I was at work the other day and saw a three day weekend coming up.  The thought occurred to me that I had not been on a fastpacking trip in quite a while.  Where to go?  Well, there was rain in December, January is a cool month here in the bay area - this might be the perfect time to hit up Coe. Henry Coe State park can be a tough place to backpack when conditions are nice (check out my prior trips from 2013 and 2014).  I would imagine it could be downright miserable if conditions are not on your side.  Early spring is probably the most ideal time for this park. 

I sent out an email to all of my buddies who I knew to be fastpackers to solicit some company for my adventure, being pretty sure that I would get no takers a week before the weekend because, well, people have lives - and not everyone gets MLK day off  (thanks government!).  Fortunately my buddy Sachin was looking for the perfect opportunity to get away from work and crazy hill training and get some nice time in the backcountry.  So we packed our bags and headed out for adventure:

The obligatory start picture.  Henry Coe Headquarters.

Great pic opportunity at Frog lake on the way to Blue Ridge.

Climbing Mt Sizer.

Sachin and I were curious about the bunches of vegetation in the dormant oaks.  Still need to look into that.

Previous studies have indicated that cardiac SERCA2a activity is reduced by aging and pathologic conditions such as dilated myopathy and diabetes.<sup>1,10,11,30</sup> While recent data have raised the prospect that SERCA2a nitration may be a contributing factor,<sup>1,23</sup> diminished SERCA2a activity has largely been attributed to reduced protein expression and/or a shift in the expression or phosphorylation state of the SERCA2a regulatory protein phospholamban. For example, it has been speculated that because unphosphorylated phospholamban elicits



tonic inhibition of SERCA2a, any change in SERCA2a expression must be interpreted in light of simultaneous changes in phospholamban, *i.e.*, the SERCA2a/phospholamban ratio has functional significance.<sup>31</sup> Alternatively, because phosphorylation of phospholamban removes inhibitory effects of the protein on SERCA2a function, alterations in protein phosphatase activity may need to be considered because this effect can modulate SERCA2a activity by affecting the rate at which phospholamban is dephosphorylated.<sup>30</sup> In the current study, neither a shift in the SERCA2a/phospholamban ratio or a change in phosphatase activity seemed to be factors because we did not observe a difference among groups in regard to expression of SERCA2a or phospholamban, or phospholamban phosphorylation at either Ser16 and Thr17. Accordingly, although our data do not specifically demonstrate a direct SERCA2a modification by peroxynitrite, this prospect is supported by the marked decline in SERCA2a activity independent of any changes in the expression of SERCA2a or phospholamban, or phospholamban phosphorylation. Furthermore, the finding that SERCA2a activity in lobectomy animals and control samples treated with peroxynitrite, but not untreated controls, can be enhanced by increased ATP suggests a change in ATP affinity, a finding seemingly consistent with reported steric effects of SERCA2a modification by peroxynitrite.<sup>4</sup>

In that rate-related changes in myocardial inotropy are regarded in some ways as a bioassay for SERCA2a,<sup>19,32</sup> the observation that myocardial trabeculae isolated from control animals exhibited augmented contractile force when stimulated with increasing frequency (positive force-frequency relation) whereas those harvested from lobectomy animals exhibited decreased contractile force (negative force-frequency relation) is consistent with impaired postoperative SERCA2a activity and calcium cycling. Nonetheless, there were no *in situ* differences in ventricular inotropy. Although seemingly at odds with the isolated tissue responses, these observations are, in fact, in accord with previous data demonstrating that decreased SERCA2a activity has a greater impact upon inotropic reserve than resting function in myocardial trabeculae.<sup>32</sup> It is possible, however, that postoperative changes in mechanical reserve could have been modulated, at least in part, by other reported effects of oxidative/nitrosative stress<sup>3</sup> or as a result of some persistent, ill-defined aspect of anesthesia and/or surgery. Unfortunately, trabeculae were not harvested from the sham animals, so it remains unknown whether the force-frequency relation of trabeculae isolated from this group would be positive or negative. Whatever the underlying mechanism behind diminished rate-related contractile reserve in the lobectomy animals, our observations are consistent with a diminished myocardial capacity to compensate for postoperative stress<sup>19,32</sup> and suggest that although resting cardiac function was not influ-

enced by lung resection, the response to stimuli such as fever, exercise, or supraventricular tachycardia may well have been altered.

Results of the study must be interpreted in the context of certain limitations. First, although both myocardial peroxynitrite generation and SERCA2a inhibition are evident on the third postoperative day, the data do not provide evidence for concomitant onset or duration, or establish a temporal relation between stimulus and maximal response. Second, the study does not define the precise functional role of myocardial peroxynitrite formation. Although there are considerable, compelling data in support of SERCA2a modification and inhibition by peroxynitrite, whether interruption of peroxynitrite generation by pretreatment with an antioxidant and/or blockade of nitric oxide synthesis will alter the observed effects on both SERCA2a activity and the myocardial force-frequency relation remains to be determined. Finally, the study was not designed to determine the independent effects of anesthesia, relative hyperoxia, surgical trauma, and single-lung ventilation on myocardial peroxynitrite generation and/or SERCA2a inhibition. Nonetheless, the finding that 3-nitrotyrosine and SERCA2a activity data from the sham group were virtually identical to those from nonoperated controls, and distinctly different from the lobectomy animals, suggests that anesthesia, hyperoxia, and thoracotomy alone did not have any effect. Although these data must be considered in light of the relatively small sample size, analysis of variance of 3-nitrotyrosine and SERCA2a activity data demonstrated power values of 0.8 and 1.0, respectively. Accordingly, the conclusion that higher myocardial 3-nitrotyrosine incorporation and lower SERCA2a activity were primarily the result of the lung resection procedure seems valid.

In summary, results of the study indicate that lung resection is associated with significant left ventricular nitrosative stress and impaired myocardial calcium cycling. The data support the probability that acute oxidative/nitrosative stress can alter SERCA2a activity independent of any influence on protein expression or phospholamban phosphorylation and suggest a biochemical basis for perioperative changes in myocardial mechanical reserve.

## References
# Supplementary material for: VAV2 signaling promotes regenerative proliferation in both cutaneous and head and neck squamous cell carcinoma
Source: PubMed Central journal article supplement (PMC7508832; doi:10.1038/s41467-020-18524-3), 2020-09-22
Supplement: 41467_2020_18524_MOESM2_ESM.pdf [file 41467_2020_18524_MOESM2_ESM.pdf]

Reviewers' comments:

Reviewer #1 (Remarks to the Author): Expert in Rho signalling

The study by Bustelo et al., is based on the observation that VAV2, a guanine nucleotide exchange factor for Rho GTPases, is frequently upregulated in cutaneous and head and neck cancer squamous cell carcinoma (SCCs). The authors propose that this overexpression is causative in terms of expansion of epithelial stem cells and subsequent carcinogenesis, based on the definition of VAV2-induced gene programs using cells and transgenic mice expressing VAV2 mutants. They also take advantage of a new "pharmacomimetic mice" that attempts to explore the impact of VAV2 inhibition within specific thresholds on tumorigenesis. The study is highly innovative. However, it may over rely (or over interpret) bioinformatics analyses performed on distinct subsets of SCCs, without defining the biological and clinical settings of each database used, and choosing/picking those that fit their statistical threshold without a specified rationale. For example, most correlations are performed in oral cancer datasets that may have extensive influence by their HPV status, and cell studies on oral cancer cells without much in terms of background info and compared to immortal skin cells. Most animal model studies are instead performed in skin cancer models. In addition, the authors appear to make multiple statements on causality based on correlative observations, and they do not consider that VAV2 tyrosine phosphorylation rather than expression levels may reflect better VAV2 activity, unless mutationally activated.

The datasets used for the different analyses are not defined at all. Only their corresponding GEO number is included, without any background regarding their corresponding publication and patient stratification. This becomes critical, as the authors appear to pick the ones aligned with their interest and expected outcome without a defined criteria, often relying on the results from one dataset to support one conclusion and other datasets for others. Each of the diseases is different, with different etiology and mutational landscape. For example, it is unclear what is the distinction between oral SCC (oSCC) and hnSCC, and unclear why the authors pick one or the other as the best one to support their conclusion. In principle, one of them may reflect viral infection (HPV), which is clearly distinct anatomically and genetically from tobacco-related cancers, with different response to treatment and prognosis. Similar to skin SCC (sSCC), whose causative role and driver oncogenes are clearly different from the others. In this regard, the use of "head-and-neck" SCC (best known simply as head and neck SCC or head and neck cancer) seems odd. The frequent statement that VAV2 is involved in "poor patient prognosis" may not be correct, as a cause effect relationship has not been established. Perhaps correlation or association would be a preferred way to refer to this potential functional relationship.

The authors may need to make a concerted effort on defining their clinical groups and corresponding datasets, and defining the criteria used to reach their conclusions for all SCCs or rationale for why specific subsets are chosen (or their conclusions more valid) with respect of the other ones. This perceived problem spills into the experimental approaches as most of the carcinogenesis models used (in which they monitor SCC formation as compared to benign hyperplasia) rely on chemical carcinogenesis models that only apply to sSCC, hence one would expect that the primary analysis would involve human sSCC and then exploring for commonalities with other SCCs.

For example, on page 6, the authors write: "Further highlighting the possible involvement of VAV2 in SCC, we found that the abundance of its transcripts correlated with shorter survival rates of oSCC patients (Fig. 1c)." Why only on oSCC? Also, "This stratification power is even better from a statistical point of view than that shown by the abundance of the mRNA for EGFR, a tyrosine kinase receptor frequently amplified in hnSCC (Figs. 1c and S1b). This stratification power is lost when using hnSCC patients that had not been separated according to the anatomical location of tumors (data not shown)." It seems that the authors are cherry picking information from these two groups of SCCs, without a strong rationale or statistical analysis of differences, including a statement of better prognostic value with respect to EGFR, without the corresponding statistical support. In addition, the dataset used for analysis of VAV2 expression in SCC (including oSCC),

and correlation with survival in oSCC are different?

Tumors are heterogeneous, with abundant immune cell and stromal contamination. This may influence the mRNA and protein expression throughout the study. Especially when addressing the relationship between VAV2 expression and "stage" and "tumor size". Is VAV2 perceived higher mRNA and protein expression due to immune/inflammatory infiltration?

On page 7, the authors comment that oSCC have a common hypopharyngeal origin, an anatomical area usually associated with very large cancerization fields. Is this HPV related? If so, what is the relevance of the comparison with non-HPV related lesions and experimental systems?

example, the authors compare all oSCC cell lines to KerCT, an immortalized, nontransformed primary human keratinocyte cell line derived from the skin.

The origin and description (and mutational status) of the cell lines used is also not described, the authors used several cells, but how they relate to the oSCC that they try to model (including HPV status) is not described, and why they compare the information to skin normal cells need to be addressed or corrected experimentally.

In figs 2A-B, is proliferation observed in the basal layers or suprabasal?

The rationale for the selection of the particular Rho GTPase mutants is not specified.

In deep contemplation on the summit of Sizer - 3216 ft. (Photo credit: Sachin)
Sachin and his sweet solar charger.  Kept his garmin humming all day - great Strava data. (Photo credit: Sachin)

Sachin ascending Hat Rock.

Views from Hat Rock.  Sachin shows off his toe socks.

Other views from Hat Rock.  I swear, I did not buy this shirt.  It was given to me at a race last year - but it did make a great hiking shirt!
Hat Rock.

Descending Rock House Ridge.  In my opinion one of the most beautiful sections of trail.
Observing the Newt activity. (Photo credit: Sachin)

Waterproof camera really paying off about now.

These guys are pretty impressive in the water.

Really - this is underwater.

I show Sachin the trail up Bear Mountain.

Cooling off my feet before we tackle the big climb.
 We ascended the steep trails of Bear Mountain and then entered the Orestimba Wilderness.  As we descended a ridge on the chaparral trail we stopped on a grassy ledge a couple hundred feet above Red Creek to camp for the night.  It's always a nice feeling to start setting up your sleeping quarters as the sun is setting because it gives you that warm and cozy.  Cooking up our freeze dried meals and snacking on pepper-nuts (yummy nickel size cookies that Joanne's family makes), we recounted our day and scouted out the map for the next days route.